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    As if an internet blackout wasn’t enough, Bashir’s administration also undertook measures to silence traditional media outlets. Work permits for foreign press agents have been revoked, and nationals have faced even more extreme forms of repression.

    “Even those critical of the government must speak well of it in their publications, lest they face the brutality of the government,” Hamdan said.

    On Jan. 14, 28 journalists delivered a petition and staged a courageous sit-in at the NISS office in Khartoum. They were arrested after offering their critique of crackdowns on Al-Jareeda, a local newspaper authorities have lately been intercepting before circulation.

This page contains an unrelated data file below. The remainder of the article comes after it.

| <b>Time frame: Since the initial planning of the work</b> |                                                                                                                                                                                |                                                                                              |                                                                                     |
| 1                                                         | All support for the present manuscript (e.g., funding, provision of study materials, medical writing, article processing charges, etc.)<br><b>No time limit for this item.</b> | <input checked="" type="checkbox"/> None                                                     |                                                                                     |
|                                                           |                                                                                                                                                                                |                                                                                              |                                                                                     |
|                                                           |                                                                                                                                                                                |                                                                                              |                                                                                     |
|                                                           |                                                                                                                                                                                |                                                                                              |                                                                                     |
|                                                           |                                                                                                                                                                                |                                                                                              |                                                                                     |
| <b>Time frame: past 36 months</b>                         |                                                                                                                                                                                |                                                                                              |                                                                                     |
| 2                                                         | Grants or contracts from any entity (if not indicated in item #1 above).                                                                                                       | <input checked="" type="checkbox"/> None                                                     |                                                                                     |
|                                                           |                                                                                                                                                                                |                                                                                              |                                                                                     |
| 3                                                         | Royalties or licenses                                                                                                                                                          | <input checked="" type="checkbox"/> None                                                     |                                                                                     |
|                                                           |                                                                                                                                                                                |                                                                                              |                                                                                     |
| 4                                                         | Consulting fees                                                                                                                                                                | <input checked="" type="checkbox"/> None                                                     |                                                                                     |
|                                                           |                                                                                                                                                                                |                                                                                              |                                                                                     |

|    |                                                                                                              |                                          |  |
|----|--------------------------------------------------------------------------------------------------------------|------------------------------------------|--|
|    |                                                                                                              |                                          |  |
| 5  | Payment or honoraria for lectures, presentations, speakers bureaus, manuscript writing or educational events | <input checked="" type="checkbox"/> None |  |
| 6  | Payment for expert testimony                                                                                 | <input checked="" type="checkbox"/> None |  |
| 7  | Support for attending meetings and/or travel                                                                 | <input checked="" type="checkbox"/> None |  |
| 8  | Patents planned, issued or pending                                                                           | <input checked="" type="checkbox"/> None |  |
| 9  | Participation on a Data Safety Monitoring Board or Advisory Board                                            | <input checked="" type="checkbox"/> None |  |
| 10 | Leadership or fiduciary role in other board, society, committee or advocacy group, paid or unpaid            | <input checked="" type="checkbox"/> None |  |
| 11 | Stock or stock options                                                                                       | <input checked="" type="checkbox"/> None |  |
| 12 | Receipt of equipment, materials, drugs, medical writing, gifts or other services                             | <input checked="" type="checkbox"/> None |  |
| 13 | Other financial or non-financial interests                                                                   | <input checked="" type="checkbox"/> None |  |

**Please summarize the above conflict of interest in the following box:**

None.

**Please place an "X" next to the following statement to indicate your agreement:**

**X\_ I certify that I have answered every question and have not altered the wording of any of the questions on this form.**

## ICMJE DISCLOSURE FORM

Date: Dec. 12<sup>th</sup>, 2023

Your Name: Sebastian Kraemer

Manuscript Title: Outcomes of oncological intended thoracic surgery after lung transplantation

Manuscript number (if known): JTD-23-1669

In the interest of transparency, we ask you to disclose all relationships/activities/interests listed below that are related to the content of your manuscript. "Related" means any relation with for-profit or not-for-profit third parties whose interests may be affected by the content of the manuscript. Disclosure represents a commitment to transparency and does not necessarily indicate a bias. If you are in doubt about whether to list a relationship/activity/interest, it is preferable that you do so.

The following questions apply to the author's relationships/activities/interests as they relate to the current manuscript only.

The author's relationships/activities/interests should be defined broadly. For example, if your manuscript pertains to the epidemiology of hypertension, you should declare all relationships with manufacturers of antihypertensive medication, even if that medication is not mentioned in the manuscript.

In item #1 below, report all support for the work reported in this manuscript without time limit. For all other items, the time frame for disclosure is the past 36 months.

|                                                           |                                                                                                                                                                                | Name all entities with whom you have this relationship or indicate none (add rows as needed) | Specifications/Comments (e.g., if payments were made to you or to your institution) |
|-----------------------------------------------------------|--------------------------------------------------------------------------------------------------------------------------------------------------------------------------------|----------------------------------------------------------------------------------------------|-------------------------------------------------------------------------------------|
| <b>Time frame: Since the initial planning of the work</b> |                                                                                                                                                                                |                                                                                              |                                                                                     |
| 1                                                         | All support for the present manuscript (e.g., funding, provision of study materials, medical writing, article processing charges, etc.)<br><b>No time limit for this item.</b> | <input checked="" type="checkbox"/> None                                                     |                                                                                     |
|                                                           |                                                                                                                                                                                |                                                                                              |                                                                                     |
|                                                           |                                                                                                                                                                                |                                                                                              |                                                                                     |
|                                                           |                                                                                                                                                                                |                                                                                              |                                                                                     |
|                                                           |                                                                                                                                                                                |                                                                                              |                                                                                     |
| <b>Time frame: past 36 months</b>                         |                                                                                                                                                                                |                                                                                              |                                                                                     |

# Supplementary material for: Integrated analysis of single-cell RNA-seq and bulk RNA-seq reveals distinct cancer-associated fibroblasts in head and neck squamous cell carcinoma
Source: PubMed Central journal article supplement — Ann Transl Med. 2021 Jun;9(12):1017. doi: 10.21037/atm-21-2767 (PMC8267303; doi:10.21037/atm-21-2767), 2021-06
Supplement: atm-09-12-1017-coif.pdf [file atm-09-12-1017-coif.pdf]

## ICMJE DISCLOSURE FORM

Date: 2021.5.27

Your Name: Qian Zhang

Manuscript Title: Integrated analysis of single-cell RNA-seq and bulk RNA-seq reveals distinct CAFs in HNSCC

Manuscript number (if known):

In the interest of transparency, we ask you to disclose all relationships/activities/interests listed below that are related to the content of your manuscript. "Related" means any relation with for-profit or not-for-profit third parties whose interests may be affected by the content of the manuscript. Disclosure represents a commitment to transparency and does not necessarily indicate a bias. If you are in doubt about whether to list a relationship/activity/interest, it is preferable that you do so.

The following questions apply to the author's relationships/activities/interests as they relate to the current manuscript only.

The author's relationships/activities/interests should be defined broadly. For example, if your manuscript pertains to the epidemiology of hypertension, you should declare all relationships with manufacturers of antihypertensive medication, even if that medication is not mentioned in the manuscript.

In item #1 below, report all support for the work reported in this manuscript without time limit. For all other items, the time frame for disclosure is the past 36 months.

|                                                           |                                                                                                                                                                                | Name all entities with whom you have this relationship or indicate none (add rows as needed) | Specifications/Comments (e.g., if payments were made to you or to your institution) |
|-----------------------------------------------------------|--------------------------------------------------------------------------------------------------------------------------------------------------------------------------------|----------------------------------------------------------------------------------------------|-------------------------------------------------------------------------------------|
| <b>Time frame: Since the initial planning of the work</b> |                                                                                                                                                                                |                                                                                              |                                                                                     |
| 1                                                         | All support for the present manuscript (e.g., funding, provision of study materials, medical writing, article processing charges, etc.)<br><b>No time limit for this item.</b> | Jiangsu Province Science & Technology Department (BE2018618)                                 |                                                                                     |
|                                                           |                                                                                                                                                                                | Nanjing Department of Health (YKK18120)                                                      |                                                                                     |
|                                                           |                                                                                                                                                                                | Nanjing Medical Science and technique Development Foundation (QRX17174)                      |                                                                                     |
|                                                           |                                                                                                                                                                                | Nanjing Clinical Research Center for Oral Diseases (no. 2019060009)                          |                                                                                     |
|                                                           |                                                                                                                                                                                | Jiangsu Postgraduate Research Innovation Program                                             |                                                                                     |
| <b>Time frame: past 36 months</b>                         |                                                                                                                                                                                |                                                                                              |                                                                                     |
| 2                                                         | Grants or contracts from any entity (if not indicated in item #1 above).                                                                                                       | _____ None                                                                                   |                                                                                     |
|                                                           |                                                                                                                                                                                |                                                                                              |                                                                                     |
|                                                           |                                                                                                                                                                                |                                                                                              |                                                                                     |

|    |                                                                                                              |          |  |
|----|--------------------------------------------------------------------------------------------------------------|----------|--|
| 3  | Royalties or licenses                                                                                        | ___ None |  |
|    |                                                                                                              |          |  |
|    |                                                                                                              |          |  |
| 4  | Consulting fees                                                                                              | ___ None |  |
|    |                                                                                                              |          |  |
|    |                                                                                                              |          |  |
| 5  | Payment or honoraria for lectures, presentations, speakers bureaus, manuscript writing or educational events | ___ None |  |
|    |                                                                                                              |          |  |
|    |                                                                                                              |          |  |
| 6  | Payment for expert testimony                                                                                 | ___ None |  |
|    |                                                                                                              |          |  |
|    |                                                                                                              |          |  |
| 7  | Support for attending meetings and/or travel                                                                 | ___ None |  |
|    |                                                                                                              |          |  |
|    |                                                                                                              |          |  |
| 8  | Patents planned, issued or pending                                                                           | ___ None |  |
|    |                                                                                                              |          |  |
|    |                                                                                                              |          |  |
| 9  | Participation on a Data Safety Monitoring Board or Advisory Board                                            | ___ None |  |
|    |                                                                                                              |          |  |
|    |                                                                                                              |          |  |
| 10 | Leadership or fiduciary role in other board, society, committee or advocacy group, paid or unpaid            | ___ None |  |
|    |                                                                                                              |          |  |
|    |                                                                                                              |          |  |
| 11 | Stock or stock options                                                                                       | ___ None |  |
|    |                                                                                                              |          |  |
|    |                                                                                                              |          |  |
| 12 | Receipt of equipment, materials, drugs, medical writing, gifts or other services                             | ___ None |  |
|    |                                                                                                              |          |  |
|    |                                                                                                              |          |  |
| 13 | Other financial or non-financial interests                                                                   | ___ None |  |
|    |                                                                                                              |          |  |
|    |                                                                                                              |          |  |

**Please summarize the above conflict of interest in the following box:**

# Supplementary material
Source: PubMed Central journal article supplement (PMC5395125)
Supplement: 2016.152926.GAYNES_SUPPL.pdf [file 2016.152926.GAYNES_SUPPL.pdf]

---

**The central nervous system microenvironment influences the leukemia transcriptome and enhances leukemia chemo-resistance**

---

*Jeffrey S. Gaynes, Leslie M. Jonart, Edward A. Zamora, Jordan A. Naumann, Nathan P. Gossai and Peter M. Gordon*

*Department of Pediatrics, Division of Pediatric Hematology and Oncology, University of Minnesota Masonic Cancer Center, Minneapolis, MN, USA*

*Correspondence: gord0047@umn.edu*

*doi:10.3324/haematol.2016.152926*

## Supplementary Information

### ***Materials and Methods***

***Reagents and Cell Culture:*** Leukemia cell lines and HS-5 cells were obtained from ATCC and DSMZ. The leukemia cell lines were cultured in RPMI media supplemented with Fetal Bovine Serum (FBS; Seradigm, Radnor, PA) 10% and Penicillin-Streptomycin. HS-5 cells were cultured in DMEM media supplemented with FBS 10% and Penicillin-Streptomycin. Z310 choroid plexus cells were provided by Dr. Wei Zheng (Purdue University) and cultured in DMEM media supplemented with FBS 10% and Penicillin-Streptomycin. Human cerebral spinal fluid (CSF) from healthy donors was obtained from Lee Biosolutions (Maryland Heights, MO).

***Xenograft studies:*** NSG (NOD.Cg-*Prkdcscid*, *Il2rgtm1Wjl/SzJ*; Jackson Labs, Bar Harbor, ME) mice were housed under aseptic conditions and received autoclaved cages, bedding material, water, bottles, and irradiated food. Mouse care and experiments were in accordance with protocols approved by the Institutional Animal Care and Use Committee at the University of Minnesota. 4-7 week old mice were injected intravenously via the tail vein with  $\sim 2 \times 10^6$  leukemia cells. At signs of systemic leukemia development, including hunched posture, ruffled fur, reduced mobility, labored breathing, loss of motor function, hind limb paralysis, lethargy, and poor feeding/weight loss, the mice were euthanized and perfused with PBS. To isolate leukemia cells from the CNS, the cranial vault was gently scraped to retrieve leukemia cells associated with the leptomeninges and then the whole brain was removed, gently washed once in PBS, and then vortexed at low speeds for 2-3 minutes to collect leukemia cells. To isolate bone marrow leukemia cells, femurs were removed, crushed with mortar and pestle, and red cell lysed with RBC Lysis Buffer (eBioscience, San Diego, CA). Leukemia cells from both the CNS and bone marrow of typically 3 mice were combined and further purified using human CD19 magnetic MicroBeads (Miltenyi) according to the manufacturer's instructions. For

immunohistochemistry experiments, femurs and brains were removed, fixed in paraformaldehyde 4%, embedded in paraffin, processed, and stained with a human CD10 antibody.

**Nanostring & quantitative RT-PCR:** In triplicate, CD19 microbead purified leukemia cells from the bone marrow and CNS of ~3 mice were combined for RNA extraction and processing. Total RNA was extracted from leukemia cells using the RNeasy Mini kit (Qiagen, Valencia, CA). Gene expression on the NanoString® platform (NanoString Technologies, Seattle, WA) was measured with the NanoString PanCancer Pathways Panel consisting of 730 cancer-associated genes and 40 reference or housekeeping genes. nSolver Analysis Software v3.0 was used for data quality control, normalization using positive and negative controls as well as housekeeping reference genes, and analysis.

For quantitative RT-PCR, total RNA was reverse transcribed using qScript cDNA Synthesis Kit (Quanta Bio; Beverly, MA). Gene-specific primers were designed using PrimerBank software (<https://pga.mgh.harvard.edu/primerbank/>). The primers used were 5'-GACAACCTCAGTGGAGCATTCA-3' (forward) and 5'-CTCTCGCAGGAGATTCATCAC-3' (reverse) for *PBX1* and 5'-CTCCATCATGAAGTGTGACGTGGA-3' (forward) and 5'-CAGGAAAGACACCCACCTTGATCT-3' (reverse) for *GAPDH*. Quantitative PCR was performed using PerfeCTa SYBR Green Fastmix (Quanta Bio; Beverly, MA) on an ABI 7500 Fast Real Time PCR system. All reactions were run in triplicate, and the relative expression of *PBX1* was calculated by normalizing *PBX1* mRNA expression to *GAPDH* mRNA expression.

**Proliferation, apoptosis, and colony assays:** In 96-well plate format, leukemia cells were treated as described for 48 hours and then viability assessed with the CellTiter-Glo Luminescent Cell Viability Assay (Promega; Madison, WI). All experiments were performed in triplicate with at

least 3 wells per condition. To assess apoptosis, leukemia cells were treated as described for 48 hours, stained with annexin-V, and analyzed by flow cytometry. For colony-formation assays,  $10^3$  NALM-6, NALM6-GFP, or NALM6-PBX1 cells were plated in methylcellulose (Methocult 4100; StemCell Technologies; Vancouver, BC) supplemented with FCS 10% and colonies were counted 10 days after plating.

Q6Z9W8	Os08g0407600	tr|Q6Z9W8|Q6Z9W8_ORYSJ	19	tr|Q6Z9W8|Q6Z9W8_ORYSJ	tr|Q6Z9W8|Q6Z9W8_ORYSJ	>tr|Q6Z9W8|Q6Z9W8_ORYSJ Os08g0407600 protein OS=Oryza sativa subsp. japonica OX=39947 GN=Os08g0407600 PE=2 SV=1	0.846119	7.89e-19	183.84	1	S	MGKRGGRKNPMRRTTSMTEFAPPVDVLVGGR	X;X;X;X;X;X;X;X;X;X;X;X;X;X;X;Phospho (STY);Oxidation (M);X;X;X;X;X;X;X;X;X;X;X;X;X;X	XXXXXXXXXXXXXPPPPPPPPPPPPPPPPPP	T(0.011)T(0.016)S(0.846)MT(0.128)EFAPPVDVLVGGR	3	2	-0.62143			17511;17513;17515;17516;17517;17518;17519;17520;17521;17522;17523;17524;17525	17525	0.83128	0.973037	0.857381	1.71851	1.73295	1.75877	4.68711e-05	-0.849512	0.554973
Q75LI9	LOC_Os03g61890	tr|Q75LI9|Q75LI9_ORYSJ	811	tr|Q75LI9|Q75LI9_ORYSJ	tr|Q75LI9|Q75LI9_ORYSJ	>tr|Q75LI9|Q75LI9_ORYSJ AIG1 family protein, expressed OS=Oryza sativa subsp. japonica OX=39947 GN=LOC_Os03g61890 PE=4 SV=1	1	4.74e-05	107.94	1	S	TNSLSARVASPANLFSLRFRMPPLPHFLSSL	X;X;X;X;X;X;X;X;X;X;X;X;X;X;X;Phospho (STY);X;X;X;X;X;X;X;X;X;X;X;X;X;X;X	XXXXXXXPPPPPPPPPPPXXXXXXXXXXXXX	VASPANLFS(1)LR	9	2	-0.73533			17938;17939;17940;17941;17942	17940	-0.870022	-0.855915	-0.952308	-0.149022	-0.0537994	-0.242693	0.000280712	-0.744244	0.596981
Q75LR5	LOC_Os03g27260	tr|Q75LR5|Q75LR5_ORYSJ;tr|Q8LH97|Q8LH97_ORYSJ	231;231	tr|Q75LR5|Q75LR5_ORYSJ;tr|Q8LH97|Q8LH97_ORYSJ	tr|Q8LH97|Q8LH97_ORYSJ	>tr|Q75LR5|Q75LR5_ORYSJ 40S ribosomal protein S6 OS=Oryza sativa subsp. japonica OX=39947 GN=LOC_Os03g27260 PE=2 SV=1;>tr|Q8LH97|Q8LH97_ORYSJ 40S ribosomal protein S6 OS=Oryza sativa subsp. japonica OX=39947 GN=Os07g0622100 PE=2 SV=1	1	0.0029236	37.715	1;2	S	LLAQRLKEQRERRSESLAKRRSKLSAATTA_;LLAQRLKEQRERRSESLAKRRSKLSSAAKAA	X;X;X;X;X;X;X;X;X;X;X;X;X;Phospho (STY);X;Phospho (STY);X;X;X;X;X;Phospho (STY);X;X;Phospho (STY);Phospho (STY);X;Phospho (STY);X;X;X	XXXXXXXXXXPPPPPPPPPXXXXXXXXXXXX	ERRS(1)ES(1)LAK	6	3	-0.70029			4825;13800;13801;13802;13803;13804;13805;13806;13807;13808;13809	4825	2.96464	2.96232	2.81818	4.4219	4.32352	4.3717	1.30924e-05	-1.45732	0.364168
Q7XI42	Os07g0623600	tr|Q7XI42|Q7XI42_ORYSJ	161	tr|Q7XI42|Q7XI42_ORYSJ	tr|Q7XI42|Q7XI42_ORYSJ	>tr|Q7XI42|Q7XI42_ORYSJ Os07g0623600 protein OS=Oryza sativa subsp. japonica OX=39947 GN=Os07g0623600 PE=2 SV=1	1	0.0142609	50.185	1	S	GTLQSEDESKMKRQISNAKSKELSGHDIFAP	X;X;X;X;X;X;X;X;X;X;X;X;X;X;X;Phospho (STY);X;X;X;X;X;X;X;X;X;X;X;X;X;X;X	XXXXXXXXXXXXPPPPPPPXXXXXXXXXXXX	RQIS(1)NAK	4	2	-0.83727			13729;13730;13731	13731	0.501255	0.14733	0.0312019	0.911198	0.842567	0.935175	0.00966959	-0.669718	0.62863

Last week, the Sudanese Engineers Federation performed a sit-in in a suburb of Khartoum. Before the action was dispersed, members held up images of Bashir and the word “leave.”

    The cumulative effect of these kinds of actions is penetrating Sudan’s network of statesmen and dignitaries. On Jan. 4, former ruling party secretary Al Shafi Ahmed Mohamed invoked Bashir to resign and make way for a transitional, technocratic government. Last week, former Prime Minister Sadiq al-Mahdi called upon Bashir to step down.

    The resolve of the Sudanese people is strengthened with every act of their despot’s brutality. Given the way this campaign has escalated into a nationwide revolution, the severity of the economic crisis and the increasing defections in Bashir’s camp, cutting subsidies could spell the end for Bashir.

    “In all of these years, we have never seen sustained resistance across all parts of Sudan,” Ahmed said. “We have never seen politicians, musicians, professionals and youth working together without being co-opted by Bashir. What is happening now is different than everything before.”